Task-Based Language Learning and Learner Autonomy in 3D Virtual Worlds

Task-Based Language Learning and Learner Autonomy in 3D Virtual Worlds

Iryna Kozlova (University of Pennsylvania, USA)
Copyright: © 2018 |Pages: 24
DOI: 10.4018/978-1-5225-3719-9.ch003

Abstract

This chapter investigates whether a problem-solving task with an environment exploration component mediates learner autonomy in a 3D virtual world (VW). Two groups of English as a foreign language (EFL) learners were to collect information by exploring the 3D VW and eliciting information from player avatars to complete the task. An analysis of student interaction reveals that only one of the groups acted as autonomous learners by generating new topics based on their observations in the environment; eliciting information and controlling the topics when interacting with the player avatars; and initiating repair leading to input modification, negotiation of meaning, and modification of output. Results suggest that learner autonomy could be promoted in 3D VWs by improving the clarity of task instructions and by designing learning tasks in such a way that students would be able to complete the tasks only if they share their observations with peers and player avatars.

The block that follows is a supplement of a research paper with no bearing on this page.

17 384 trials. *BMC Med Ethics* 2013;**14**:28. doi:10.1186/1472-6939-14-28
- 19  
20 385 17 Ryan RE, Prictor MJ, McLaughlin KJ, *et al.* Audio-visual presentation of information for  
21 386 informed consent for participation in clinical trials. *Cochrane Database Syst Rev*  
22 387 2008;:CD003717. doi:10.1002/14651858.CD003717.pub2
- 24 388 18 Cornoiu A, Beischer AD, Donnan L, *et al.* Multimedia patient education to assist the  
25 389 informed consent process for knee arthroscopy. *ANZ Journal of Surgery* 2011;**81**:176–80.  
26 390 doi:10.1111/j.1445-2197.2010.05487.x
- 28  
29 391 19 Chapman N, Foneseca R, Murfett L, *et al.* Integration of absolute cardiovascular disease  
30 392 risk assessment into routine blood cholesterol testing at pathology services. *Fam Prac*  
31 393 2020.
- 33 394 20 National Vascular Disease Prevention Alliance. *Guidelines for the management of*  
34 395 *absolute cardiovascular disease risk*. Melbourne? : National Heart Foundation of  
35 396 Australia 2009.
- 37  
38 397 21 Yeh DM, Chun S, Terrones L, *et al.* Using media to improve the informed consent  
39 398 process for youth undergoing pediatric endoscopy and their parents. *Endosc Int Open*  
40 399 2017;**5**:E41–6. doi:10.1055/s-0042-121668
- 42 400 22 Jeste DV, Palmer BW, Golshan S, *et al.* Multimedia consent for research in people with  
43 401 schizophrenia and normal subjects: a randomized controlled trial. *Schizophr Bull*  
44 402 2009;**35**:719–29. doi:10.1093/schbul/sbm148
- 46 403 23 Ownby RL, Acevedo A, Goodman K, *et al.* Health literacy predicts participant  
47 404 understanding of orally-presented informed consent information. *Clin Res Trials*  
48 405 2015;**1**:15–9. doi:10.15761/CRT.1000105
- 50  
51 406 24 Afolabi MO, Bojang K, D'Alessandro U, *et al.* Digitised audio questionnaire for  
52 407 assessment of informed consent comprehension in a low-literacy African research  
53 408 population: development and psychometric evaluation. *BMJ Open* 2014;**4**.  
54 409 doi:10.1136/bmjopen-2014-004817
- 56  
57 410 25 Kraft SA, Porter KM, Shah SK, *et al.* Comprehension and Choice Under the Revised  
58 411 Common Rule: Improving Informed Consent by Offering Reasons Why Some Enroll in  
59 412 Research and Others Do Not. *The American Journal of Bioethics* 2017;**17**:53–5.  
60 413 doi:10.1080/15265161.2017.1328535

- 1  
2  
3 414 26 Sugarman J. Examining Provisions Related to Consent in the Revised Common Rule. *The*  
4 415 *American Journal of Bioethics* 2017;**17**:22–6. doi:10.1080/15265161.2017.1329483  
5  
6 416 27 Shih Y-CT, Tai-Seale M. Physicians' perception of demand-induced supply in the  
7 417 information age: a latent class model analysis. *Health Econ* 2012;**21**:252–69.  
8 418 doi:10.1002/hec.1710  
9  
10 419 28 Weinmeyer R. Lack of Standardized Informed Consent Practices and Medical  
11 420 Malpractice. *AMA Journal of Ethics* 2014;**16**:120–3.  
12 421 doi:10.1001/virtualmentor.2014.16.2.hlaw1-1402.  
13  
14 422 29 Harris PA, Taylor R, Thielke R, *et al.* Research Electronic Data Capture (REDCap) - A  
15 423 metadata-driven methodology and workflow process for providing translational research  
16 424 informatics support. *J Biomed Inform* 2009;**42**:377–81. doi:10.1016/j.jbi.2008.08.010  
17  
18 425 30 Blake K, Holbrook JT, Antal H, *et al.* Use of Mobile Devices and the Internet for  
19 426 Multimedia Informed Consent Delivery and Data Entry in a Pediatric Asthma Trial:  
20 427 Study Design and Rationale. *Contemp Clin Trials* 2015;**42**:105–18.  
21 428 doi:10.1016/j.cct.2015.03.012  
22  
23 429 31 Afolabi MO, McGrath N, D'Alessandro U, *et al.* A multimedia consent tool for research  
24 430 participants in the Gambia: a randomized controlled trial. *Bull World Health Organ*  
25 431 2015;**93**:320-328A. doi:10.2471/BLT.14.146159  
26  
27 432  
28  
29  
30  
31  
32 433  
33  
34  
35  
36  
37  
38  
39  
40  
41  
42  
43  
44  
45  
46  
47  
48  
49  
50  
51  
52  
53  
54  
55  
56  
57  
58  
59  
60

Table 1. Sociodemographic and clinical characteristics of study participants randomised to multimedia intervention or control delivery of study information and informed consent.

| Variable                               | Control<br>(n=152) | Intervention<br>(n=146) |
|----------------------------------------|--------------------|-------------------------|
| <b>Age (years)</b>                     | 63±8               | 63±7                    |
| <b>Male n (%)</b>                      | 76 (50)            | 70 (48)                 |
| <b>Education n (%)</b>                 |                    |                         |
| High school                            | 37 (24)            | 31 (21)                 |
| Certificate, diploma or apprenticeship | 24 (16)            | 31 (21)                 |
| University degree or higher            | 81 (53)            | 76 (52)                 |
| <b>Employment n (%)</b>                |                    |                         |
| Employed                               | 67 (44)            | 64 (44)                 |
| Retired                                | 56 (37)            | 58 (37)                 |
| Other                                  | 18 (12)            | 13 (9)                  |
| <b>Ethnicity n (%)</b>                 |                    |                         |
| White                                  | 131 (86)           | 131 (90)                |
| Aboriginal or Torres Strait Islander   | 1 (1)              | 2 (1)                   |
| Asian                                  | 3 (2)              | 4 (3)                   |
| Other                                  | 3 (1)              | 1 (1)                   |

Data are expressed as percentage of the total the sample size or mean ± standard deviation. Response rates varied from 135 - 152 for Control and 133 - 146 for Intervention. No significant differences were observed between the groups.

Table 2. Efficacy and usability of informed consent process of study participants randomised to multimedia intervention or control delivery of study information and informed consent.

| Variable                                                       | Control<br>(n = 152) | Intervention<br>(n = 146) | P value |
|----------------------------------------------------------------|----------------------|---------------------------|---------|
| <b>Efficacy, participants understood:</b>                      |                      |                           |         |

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Background

Sociocultural theory considers learners to be active agents. Within this framework, autonomy is defined as the “human ability to act through mediation, with awareness of one’s actions, and to understand their significance and relevance” (Lantolf, 2013, p. 19). Mediation is defined as a learner’s interaction with others and with their experiences with culturally constructed objects, or artifacts, which help carry out various tasks (Lantolf, 2000). While language is viewed as a culturally constructed artifact, it is also a learning object; therefore, autonomous language learners are those who make the conscious choice of using a language in order to learn it. Likewise, learning tasks and computer technology are artifacts that mediate language learning (Lantolf, 2000) and seem to have the potential to also mediate learner autonomy.

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